Imatges de pÓgina


WHAT is here offered to the Public is not a regular treatise, but only a collection of detached Remarks on Ecclesiastical History and antient Writers, in which the order of time is neither strictly observed nor greatly neglected, and no anxious accuracy is bestowed upon the dates of years. This is a necessary premonition to the reader, who else would seek what he will not find.

Yet was it designed, slight and imperfect as it is, for the service of Truth, by one who would be glad to attend and grace her triumphs; as her soldier, if he has had the honour to serve successfully under her banner; or as a captive tied to her chariot-wheels, if he has, though undesignedly, committed any offence against her.

Greater undertakings on these subjects are a task fit for those who are blessed with conveniencies, spirits, and abilities, and a task sufficient to exercise all their talents; for Ecclesiastical History is a sort of enchanted land, where it is hard to distinguish truth from false appearances, and a maze which requires more than Ariadne's clue.

Whilst exalted geniuses discern with a kind of intuitive knowledge, they who have less penetration may be permitted, now and then, where reason and religion are not injured by it, to pause

and doubt. Not that doubting is desirable and pleasant; but it is rather better than affirming strongly upon slender proofs, or taking opinions upon trust.

And yet there are instances, in ecclesiastical antiquities, of spurious authors, forged records, and frivolous reports, where hesitation at this time would be improper, and where a man is not to remain for ever in suspense, and to hear what every patron has to say who starts up, and pleads the exploded cause of his ragged clients.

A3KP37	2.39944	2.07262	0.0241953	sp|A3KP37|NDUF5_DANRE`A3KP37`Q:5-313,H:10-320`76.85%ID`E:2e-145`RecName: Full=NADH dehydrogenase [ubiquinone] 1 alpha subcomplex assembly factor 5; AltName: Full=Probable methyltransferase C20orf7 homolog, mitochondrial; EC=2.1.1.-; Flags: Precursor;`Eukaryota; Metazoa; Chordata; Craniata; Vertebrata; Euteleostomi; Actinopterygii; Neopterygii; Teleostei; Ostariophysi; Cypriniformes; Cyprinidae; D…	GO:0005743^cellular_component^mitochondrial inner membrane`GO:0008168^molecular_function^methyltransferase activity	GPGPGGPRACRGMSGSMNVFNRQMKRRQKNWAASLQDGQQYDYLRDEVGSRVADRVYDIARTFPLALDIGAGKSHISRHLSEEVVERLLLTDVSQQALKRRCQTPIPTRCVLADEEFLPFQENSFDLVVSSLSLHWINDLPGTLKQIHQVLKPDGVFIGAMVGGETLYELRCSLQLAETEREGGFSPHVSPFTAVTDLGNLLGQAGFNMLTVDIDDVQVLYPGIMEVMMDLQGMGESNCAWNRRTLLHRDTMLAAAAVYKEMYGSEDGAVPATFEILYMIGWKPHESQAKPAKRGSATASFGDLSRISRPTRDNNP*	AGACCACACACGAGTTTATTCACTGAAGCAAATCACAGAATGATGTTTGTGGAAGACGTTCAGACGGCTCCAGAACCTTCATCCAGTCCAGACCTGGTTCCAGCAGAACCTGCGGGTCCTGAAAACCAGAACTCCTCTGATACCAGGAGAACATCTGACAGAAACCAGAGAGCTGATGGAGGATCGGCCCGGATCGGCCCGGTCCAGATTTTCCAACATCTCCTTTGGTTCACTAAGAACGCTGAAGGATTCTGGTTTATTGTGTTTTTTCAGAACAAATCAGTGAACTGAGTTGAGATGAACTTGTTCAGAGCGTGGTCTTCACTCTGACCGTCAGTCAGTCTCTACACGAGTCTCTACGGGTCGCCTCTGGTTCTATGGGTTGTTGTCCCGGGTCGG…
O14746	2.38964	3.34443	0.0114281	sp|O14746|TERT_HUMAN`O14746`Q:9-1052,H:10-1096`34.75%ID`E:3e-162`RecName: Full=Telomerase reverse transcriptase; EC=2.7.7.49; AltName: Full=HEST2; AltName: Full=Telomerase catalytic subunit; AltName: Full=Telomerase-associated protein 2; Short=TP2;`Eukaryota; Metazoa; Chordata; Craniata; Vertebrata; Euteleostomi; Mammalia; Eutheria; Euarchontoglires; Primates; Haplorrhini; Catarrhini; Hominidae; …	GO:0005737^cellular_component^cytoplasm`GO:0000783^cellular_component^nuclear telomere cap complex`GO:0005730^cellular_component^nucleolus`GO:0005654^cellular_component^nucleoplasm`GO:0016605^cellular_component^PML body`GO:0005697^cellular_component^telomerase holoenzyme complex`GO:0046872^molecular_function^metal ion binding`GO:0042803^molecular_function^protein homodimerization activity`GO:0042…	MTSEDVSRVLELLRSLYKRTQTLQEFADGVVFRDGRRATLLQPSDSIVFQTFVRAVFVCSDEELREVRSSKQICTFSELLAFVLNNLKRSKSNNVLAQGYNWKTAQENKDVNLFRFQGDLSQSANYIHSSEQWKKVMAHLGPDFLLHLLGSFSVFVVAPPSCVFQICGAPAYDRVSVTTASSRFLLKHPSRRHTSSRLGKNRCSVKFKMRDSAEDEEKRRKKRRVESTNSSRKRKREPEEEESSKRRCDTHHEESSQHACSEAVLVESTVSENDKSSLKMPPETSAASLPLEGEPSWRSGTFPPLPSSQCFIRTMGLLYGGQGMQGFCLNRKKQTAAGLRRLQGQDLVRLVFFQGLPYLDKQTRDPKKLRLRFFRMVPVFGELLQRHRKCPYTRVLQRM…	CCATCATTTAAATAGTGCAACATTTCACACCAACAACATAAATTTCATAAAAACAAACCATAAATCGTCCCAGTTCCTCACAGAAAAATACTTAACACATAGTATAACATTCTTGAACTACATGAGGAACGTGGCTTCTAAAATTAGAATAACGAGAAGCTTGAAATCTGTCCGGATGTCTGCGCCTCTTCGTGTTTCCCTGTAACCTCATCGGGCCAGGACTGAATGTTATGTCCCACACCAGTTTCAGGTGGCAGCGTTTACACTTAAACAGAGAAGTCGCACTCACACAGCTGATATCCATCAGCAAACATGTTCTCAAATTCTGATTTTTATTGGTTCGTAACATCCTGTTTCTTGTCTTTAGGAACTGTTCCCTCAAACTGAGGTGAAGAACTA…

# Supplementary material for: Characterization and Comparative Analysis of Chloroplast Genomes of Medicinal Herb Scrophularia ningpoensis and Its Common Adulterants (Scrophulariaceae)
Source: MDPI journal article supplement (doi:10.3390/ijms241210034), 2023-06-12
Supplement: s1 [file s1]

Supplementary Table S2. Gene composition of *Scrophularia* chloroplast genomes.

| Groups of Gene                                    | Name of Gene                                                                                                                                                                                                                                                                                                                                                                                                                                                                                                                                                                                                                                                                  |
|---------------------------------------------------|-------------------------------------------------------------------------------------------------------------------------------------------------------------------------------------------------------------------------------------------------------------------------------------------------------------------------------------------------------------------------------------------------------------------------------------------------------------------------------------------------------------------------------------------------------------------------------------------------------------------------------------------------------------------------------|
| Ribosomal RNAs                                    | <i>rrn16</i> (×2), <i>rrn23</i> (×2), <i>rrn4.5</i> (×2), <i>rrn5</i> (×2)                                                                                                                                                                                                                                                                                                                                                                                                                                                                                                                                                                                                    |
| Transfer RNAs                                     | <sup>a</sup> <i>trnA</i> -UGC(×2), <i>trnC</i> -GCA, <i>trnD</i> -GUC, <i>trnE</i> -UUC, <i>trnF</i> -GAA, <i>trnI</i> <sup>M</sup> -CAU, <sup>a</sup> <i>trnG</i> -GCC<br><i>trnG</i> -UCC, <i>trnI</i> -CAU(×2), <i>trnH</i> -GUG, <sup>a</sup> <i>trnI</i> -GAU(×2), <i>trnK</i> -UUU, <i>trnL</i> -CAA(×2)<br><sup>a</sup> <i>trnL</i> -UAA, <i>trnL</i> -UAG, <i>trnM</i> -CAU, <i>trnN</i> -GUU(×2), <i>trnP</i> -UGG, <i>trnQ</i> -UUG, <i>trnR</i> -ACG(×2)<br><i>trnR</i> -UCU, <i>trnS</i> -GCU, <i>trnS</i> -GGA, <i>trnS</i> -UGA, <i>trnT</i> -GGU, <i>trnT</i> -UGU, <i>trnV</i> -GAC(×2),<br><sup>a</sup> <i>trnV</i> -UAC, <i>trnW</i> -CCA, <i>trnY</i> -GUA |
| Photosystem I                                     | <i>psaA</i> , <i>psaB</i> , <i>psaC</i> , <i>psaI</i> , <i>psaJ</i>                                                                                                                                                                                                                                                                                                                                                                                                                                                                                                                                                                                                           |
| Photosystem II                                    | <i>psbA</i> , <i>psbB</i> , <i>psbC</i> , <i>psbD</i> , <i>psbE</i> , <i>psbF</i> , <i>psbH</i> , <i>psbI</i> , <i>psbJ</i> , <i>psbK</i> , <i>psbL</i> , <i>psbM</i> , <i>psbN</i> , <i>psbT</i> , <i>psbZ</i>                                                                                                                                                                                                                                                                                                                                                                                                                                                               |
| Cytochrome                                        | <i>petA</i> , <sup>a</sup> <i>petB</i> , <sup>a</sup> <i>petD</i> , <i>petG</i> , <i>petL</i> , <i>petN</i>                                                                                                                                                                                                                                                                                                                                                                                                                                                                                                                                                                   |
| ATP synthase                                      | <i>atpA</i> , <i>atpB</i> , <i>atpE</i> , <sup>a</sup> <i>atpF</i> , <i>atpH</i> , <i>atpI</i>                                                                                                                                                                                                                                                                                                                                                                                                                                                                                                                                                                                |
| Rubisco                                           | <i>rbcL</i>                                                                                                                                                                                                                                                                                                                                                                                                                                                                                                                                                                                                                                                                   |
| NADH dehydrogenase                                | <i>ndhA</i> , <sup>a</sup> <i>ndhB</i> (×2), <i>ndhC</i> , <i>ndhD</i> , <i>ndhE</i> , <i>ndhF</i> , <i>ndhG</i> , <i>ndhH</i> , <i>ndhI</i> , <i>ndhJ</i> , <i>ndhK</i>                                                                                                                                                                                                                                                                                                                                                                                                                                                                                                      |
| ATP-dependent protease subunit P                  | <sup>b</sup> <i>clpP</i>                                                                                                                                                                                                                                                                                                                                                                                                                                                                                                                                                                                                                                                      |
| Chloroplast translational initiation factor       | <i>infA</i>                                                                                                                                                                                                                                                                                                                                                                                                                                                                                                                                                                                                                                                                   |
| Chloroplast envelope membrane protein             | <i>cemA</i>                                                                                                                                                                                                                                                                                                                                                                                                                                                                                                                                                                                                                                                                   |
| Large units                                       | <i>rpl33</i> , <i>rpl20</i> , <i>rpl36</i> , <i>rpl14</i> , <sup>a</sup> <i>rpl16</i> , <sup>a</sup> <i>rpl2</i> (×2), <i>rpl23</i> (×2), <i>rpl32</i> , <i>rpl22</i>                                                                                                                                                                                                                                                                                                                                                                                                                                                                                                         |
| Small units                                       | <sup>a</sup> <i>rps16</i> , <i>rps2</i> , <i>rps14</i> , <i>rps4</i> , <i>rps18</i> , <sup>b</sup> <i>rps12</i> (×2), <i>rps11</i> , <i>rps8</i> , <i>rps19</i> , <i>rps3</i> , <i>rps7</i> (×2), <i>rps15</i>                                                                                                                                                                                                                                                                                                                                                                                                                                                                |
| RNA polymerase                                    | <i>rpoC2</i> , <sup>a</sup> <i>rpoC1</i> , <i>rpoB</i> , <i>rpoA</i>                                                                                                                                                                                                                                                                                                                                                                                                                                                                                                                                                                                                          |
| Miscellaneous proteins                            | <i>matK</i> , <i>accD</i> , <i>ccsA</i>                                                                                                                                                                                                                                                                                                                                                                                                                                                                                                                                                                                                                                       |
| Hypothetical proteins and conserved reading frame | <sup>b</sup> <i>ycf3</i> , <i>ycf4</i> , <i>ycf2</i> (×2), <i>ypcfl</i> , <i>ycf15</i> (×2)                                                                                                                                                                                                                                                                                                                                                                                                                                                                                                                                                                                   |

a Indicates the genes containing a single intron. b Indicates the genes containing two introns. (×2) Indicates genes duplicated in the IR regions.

The intention of this work is to produce such evidence as may support and confirm the truth of Christianity, and show that the providence of God has appeared in its establishment and in its preservation; to avoid peremptory decisions on some lately controverted questions, and seek out a way between the extremes; not to pronounce those things false which may perhaps be true, nor those things certain which are only probable, nor those things probable which are ambiguous; and to try the experiment, whether by this method a reader may not be gently led to grant all that is required of him, and rather more than less; to set before men some of the virtues, as well as failings, of the antient Christians, whence they may draw practical inferences; to excite in their hearts a love for Christianity, that best gift of Heaven to mankind, and a respect, though not a superstitious veneration, for those good men, who, if they could not dispute for it altogether so well as the present generation, yet, which is more, could die for it; to reject those trifles which persons of greater zeal than discernment would obtrude upon the world as golden reliques of primitive Christianity; and to add several things of a

miscellaneous and philological kind, which will serve, at least, to diversify the subject. Such is the intention of the Work: may it atone for its defects!